Numerous studies have shown that socioeconomically disadvantaged individuals have less healthy dietary habits, which may contribute to a higher prevalence of obesity and consequently diet-related chronic diseases. Individuals with a lower socioeconomic position (SEP) tend to consume energy-dense foods more frequently, including energy-dense takeaway options, fatty meats and fried foods, compared to their higher socioeconomic counterparts who consume more fruit and vegetables. However, the mechanisms explaining these SEP disparities in dietary intake are not fully understood. Several individual, social and environmental factors are likely to be relevant in this respect, as food choice is a complex process. It has been proposed that motives underlying food selection (e.g., the importance of healthiness and price of the food) play a role in explaining SEP variations in food intakes, but few studies have tested this empirically. In the seminar, results from a population-based sample of Finnish working-age adults are presented and discussed: the study investigated whether the absolute or relative importance of various food choice motives (health, price, pleasure, convenience, familiarity and ethicality) contributed to SEP disparities in vegetable/fruit and energy-dense food intake.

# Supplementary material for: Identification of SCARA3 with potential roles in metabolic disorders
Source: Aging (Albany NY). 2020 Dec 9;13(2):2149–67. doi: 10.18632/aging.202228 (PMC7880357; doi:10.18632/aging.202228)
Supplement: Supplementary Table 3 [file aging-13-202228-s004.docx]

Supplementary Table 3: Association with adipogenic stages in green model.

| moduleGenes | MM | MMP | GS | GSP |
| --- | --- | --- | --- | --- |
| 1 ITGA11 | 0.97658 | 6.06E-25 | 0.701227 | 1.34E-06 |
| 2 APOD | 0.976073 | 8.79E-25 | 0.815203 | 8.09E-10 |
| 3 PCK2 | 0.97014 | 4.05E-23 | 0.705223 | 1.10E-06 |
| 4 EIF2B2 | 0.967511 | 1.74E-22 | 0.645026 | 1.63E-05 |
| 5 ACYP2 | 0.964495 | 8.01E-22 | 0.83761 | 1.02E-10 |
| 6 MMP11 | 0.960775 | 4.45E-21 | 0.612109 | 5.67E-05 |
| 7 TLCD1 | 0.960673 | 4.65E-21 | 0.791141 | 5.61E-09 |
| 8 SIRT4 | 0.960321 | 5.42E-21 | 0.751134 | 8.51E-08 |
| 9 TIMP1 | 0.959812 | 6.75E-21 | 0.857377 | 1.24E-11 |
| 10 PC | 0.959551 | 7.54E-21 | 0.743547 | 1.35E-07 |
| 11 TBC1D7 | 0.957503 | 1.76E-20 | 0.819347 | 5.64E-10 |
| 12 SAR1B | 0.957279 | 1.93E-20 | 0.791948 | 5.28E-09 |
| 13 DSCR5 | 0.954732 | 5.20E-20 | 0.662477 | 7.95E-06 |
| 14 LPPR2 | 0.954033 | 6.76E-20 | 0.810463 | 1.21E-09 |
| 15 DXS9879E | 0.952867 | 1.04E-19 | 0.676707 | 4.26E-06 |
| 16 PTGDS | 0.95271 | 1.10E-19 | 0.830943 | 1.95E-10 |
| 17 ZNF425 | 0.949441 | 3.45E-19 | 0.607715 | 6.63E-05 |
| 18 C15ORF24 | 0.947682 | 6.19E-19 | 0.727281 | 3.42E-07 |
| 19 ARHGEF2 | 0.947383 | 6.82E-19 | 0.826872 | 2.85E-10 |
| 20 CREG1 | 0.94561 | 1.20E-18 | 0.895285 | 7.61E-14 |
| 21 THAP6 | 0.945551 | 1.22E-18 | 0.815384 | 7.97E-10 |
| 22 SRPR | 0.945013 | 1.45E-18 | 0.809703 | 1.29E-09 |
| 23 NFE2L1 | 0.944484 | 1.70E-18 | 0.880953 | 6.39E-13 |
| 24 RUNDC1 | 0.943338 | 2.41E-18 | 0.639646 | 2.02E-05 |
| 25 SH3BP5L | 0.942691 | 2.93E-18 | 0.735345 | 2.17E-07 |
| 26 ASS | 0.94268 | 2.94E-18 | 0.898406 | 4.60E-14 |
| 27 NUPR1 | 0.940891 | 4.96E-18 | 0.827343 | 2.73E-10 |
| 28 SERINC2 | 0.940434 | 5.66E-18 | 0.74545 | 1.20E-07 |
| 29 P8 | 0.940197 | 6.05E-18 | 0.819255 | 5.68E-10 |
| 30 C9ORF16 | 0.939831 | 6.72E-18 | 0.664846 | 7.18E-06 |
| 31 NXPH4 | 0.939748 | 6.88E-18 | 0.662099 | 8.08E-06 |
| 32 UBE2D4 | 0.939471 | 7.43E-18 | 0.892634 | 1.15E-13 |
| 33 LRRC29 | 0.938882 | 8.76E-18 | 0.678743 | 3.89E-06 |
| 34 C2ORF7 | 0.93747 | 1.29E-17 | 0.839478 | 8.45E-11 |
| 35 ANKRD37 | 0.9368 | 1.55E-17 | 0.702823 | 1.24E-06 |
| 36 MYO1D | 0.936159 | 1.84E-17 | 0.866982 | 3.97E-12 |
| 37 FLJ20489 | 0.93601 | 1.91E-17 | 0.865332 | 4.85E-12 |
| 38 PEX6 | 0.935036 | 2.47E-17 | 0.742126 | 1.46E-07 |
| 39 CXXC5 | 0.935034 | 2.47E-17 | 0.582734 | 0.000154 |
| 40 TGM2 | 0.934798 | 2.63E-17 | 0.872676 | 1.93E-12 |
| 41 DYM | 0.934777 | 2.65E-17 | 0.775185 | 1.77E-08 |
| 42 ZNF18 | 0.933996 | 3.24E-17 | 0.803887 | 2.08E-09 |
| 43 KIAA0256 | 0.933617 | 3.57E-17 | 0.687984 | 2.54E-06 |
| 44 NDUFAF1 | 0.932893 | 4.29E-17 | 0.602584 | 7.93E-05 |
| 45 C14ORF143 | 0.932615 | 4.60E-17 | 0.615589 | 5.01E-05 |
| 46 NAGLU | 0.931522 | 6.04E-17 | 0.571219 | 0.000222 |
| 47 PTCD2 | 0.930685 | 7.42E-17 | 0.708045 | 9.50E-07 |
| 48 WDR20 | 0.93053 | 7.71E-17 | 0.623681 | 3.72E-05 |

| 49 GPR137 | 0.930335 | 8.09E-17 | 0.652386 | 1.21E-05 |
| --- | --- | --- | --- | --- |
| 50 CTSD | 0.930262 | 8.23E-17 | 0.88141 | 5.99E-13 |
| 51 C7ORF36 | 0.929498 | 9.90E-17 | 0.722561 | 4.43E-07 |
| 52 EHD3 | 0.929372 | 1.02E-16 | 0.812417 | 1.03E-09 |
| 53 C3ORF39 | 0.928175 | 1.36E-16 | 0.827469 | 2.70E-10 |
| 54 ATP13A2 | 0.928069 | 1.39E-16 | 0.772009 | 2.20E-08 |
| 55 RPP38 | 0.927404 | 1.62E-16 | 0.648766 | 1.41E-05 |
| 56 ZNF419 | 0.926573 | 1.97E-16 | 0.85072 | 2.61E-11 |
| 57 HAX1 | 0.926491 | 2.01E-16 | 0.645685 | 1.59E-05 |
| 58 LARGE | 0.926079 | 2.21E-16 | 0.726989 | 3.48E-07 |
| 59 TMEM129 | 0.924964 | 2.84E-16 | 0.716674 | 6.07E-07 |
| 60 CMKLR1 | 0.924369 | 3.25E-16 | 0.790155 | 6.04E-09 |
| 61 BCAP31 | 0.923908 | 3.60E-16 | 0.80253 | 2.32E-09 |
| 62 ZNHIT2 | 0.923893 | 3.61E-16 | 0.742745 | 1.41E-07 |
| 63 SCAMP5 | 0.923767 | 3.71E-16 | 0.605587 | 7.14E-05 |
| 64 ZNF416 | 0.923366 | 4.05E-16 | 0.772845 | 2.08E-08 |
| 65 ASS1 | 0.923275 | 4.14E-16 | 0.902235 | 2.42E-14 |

Dr Hanna Konttinen is a postdoctoral researcher funded by the Academy of Finland (2013–2016) and affiliated to the Department of Social Research, University of Helsinki. Dr Konttinen completed her PhD (“Dietary Habits and Obesity: the Role of Emotional and Cognitive Factors”) in Social Psychology at the University of Helsinki in 2012. Her research interests further include the role of psychosocial, socioeconomic and genetic factors in dietary intake, weight changes and disease outcomes.

Read the full paper here (PubMed).